When the SEC temporarily banned short selling on Sept. 18, investors lost an important tool for coping with the bear market. But the ban did not affect another source of recent profits: inverse mutual funds and exchange-traded funds, which rise when the market falls.
Even after the ban ends, investors will have good reason to use the funds instead of shorting stocks directly. "Inverse funds can be very cost-effective ways to hedge," says Michael Sapir, CEO of ProShares Advisors, which manages ETFs.
The funds achieve gains in downturns by trading futures and options. Because they do not sell stocks short, the SEC ban did not apply to the funds. During the first weeks of the ban, trading volume of the funds spiked as investors sought bear-market choices that were still available. Unable to short financial stocks, investors bought
ProShares Short Financials
, which advances when there is a decline in the Dow Jones U.S. Financials Index.
ProShares and Rydex Investments are the leading managers of inverse funds, offering a range of choices that enable investors to short an index, such as the Russell 2000, or a sector, like energy. Consider
Rydex Inverse S&P 500
, a mutual fund that delivers the inverse of the S&P. If the S&P drops 1% on one day, the fund will rise 1%. Because of expenses and the effects of compounding, the funds don't provide an exact inverse of benchmarks over long periods. But the results have been close to what investors expect. During the first eight months of 2008, the Rydex S&P fund returned 12.6%, while the S&P 500 lost 11.4%, according to Morningstar.
Some of the funds use leverage to magnify results. When the S&P falls by 1%,
Rydex Inverse S&P 500 2X
rises by 2%. The leverage can provide flexibility. Say an investor has a $1 million portfolio that tracks the S&P. To protect against losses, he could put $1 million into the regular S&P inverse fund. Or the investor could accomplish the same thing by putting $500,000 into the S&P leveraged fund and invest the rest in stocks or bonds.
Instead of buying an inverse fund, an investor could short an ETF, such as
iShares S&P 500
, which tracks the benchmark. (The SEC order did not bar shorting of ETFs.) But shorting has become increasingly cumbersome. In a typical short transaction, an investor borrows shares and then sells them. If the stock drops, the investor can repurchase the shares at a low price and book a profit.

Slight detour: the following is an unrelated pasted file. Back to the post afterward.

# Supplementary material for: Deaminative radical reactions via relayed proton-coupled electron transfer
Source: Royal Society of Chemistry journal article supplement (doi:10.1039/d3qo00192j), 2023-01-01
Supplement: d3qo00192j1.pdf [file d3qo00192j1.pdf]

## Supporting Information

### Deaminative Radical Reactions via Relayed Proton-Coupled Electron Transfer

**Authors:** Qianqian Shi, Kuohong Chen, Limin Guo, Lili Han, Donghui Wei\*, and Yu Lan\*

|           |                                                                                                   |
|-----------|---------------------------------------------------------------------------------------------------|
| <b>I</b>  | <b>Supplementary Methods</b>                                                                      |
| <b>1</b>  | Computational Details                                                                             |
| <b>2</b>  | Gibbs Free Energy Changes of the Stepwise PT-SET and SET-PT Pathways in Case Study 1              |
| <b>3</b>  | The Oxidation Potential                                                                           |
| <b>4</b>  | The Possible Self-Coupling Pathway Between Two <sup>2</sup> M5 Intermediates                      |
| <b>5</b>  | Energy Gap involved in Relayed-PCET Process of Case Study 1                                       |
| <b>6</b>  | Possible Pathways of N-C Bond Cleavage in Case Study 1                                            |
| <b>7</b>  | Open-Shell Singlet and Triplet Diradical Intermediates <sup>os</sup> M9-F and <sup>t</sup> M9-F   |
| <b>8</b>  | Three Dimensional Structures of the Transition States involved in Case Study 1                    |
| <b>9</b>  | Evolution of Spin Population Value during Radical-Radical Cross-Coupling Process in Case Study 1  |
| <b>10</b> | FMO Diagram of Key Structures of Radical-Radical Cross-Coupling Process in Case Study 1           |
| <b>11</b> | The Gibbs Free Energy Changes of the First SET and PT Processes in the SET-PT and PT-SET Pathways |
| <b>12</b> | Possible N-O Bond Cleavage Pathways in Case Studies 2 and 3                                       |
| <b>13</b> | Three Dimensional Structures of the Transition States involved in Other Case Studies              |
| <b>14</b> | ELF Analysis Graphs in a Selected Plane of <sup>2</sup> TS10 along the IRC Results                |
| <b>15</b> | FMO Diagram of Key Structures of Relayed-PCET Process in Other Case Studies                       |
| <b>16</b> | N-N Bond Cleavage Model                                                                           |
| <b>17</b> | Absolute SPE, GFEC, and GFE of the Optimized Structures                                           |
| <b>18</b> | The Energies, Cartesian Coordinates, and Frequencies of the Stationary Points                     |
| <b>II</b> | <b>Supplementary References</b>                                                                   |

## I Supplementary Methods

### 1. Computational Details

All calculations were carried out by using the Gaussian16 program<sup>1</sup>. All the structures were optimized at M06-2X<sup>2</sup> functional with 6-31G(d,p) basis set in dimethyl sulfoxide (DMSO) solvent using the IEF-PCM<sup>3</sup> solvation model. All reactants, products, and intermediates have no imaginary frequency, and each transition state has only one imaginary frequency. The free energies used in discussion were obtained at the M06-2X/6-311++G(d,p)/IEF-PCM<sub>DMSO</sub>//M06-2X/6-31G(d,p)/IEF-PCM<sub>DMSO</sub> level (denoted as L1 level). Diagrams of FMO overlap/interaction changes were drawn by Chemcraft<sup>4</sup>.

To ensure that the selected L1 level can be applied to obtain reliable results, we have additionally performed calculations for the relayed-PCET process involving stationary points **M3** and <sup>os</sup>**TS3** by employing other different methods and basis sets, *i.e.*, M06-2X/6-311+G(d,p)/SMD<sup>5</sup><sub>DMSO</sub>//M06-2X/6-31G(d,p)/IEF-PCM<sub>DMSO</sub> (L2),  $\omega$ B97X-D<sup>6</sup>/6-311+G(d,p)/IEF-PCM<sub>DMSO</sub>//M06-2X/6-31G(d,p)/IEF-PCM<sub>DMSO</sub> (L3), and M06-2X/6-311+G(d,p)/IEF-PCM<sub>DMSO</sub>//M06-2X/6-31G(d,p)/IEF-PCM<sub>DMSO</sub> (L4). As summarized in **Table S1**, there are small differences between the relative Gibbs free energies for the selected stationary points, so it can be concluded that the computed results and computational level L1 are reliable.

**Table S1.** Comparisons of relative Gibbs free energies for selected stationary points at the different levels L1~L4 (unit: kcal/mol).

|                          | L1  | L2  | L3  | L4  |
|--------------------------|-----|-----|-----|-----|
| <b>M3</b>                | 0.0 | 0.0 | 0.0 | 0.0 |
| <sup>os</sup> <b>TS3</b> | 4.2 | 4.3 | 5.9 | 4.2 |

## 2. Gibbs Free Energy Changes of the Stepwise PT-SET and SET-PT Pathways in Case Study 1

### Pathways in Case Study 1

To short a stock or ETF, a retail investor must first establish a margin account with a broker. Then the broker must borrow the shares from an investor who owns them. In recent months, it has become increasingly difficult to borrow stocks. "Because of the concerns about credit risks, some people have been restricting the shares they will lend," says Ryan Harder, a Rydex portfolio manager.
Once he succeeds in selling the borrowed shares, the short investor must monitor the position carefully. If the shares drop, potential profits climb. But if the stock rises, losses can mount. The investor could face a margin call, a demand from the broker that the client put up more collateral to back the losing position. No matter how a trade fares, it can generate plenty of paperwork and hefty brokerage fees.
By relying on inverse funds, investors can avoid all the hassles of shorting. Whether they are no-load mutual funds or ETFs, the inverse choices can be bought instantly online with a few keystrokes. No margin account is required. If a trade goes badly, there are no margin calls. The paperwork for inverse investments is the same as it is for any fund. Most inverse funds come with expense ratios of around 1%. In contrast, margin accounts used for shorting can charge up to 9% interest.
Because of their flexibility, inverse funds enable bearish investors to employ a variety of strategies. Say an investor is worried about technology stocks but optimistic about
. He could buy shares of Apple and also invest in
ProShares Ultra Short Technology
, which delivers twice the inverse of the Dow Jones U.S. Technology Index. The trade would be a big winner if Apple rose while most technology stocks dropped.
An inverse fund can provide a long-term hedge. If an investor has owned pharmaceutical stocks for years but fears the shares will drop for several months if Barack Obama is elected, instead of selling the stocks -- and possibly booking capital gains -- the investor can hedge by buying
Rydex Inverse 2X S&P Select Sector Health
An important advantage of inverse funds is they can be held in retirement accounts, such as IRAs. Retirement accounts cannot be used for ordinary short sales. By adding an inverse fund to a retirement portfolio, investors may ensure their assets are protected from severe downturns.
Stan Luxenberg is a freelance writer who specializes in mutual funds and investing. He was formerly executive editor of Individual Investor magazine.